The law will seek to let justice triumph over technicalities.
In yet another break notice dispute, the Court has reached a decision based on the merits rather than a failure to follow the exact procedure required In 1997, Friends Life agreed to let to Siemens premises in Crawley for a term of 25 years from 24 August 2008 but subject to a right on the part of the tenant to break the lease after 15 years. The right to break was subject to giving vacant possession as well as paying all rent up to 23 August 2013 and 6 months additional rent. The lease completed in 1999 in the agreed form.
In addition, the lease provided that any break notice must be expressed to be given under Section 24 (2) of the Landlord and Tenant Act 1954. The purpose of this requirement was to stop the tenant serving a break notice and then applying for a new tenancy at a lower rent. At the time of the agreement to let, it was feared a tenant could lawfully take such a step but it was determined by the Court of Appeal in 1998 in the Garston case that this was not possible.
When the break notice was served in 2012, it made no mention of S.24 (2) of the Landlord and Tenant Act 1954. Notwithstanding that the provision was now meaningless following the Garston case, and the intention and effect of the notice was clear, Friends Life argued the notice was invalid and ineffective.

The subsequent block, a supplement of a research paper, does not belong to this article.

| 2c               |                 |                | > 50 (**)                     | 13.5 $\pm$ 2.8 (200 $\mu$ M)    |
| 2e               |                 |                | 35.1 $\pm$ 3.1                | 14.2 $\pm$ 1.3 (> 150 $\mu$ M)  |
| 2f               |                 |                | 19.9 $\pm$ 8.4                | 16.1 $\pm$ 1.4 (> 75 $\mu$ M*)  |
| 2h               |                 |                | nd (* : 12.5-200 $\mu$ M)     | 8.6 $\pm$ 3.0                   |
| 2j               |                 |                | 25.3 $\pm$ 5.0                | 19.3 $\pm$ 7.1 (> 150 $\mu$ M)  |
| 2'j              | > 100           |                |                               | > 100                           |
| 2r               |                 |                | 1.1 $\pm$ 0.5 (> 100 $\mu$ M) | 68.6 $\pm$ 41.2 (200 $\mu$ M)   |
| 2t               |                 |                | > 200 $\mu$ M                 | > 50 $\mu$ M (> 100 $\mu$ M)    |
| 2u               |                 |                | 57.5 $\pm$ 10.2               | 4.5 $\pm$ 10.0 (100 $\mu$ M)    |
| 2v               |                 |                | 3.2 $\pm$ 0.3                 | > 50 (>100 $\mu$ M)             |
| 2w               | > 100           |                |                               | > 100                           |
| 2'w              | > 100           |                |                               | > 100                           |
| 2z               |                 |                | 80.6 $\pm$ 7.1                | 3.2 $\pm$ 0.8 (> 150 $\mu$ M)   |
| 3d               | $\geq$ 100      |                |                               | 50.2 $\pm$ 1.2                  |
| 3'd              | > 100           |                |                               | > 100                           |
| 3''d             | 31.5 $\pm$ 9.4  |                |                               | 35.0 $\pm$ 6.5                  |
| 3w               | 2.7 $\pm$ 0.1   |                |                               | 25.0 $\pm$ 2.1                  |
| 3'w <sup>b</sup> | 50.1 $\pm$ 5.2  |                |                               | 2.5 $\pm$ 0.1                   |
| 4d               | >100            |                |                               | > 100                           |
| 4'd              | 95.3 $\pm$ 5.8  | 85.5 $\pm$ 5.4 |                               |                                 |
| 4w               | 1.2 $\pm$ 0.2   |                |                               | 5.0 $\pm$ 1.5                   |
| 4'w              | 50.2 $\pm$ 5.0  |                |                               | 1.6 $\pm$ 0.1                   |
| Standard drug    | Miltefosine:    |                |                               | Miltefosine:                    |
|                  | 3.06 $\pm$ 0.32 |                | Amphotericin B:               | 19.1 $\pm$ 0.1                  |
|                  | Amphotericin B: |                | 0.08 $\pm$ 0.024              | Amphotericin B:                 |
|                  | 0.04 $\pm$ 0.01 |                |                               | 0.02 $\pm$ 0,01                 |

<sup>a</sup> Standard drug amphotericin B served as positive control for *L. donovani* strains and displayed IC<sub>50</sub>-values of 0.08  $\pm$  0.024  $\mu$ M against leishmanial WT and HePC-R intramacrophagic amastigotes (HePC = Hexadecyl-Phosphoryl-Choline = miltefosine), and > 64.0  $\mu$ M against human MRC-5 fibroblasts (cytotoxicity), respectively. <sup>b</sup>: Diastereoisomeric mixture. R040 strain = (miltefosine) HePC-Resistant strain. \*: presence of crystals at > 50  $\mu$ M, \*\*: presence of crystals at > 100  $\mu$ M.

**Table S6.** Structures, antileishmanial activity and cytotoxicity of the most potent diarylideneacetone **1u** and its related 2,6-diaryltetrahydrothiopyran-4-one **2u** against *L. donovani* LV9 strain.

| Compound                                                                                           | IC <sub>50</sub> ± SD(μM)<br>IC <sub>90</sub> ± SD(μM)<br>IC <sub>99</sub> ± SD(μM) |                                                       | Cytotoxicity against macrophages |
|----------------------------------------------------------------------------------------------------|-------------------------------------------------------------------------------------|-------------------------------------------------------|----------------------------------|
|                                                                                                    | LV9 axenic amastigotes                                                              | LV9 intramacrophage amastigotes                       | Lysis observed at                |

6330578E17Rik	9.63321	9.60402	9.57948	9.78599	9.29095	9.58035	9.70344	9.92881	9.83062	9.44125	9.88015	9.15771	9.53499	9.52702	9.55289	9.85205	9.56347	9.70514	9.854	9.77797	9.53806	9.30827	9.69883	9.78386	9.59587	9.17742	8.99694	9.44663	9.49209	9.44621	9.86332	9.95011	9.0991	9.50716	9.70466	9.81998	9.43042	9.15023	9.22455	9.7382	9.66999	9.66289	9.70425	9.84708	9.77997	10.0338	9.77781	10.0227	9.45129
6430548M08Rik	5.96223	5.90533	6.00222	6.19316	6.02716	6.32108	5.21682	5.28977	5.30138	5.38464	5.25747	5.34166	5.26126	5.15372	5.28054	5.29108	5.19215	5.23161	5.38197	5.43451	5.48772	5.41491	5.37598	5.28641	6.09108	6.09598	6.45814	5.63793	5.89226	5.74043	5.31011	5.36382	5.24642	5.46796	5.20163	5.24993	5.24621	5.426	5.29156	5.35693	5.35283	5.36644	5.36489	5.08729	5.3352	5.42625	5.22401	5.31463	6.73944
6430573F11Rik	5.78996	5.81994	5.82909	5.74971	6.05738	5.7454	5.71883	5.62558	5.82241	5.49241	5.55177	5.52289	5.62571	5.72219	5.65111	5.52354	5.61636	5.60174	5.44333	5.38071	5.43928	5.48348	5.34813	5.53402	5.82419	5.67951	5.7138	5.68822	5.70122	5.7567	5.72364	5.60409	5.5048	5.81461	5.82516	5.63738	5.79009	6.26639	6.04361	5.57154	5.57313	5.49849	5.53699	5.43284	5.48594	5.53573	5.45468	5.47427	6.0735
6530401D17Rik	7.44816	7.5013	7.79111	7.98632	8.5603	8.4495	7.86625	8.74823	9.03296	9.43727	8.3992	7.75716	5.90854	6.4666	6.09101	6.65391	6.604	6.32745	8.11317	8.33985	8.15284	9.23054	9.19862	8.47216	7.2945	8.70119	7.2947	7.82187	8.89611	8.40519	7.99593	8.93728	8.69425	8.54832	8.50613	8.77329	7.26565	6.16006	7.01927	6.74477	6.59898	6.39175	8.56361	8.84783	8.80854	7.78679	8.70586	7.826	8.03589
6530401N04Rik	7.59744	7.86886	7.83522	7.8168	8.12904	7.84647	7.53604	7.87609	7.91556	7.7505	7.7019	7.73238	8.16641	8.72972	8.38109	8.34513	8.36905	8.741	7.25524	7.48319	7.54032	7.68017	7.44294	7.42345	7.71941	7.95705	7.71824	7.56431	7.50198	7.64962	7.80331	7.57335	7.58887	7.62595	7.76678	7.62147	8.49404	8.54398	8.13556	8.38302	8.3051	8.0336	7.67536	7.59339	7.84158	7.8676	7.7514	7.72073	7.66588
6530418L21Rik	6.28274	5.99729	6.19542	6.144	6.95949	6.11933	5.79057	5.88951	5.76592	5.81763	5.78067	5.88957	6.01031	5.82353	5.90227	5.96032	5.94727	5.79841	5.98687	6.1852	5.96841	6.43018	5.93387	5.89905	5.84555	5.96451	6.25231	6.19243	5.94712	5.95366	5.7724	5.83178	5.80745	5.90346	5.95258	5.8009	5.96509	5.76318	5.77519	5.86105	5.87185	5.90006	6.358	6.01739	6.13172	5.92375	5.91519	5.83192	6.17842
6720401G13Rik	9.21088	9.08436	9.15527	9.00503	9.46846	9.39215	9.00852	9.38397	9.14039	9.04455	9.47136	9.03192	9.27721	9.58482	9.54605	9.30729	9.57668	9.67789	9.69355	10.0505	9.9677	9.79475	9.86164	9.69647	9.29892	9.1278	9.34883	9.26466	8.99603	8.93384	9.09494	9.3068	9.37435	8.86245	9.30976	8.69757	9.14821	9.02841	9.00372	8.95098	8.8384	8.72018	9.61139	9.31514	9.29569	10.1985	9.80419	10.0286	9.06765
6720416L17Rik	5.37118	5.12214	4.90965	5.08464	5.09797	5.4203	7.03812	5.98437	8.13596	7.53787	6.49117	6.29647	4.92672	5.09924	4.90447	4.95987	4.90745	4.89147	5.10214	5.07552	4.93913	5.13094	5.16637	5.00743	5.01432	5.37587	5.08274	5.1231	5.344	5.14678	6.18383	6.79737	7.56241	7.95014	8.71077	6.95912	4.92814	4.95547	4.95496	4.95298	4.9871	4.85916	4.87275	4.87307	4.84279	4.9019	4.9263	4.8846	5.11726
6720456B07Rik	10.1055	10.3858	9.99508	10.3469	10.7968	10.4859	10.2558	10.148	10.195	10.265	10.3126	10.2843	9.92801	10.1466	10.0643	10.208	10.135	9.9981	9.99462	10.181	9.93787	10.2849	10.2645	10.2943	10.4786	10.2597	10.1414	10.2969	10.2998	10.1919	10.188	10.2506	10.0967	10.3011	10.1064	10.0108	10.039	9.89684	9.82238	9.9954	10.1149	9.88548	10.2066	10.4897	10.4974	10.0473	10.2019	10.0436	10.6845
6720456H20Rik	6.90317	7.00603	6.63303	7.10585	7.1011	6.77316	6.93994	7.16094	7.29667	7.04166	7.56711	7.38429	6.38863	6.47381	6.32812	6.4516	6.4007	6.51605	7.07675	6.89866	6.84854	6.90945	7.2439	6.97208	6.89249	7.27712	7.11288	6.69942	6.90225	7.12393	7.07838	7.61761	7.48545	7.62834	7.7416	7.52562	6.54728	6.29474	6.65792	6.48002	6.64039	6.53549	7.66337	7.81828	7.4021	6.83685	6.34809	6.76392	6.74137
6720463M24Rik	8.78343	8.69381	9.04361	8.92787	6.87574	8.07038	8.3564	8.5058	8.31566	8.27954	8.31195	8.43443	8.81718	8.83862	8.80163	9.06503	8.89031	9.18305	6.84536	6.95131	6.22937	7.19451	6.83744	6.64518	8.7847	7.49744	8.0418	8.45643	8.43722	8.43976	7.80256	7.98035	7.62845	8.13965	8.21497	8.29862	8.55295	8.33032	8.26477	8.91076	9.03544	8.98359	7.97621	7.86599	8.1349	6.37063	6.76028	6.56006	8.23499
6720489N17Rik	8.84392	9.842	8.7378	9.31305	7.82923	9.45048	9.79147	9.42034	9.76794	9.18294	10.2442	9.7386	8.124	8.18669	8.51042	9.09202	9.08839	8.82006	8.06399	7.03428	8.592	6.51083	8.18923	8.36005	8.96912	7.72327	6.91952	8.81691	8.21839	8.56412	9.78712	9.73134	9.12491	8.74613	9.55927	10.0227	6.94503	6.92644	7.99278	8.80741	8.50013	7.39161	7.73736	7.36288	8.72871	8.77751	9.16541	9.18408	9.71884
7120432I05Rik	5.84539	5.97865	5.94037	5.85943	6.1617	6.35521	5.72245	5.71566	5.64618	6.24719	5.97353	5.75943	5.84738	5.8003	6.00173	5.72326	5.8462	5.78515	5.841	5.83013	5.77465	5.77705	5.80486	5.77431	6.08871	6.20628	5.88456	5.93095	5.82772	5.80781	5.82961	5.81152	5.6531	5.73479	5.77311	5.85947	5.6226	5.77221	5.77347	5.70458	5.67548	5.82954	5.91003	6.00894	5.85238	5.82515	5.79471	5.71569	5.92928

As probably any landlord would have done, Friends Life sought to prevent the break by relying on established case law that break conditions and requirements must be strictly followed come what may. In response, Friends Life argued that the requirement was now meaningless and/or any failure in procedure was not fatal to a notice if it did not actually affect the landlord.
A lot was at stake as the rent was now £325,000 per annum and there were rates and insurance on top and another 10 years of the lease to go if the break was ineffective.
The Court first held that the provision to refer to S.24 (2) was not meaningless and had not been superseded even though there was no longer any need for this requirement. It was simply a requirement of the lease that fell to be complied with.
However, the case turned on what was the effect of non-compliance with this requirement? The lease made no express provision in this respect and, while a failure to pay the rent or give vacant possession by the break date would have been fatal, it did not follow that a failure to give notice in the right way would be.
The Court considered that, in the absence of any express provision saying non-compliance would invalidate the notice, the law was flexible regarding non-compliance with both statutory and contractual requirements as to notices even where, as here, the lease stated that the notice must be served in a particular way. In particular, the law would consider what the effect of non-compliance would be? The law would look to the substance, not the form.
In this case, the Court held the notice to be valid in the absence of any express provision providing otherwise and because the failure to use the specified wording made no difference at all. Accordingly, the wording was dispensable and its use was not mandatory. Clearly, in the Court’s view, such an interpretation led to a much fairer result.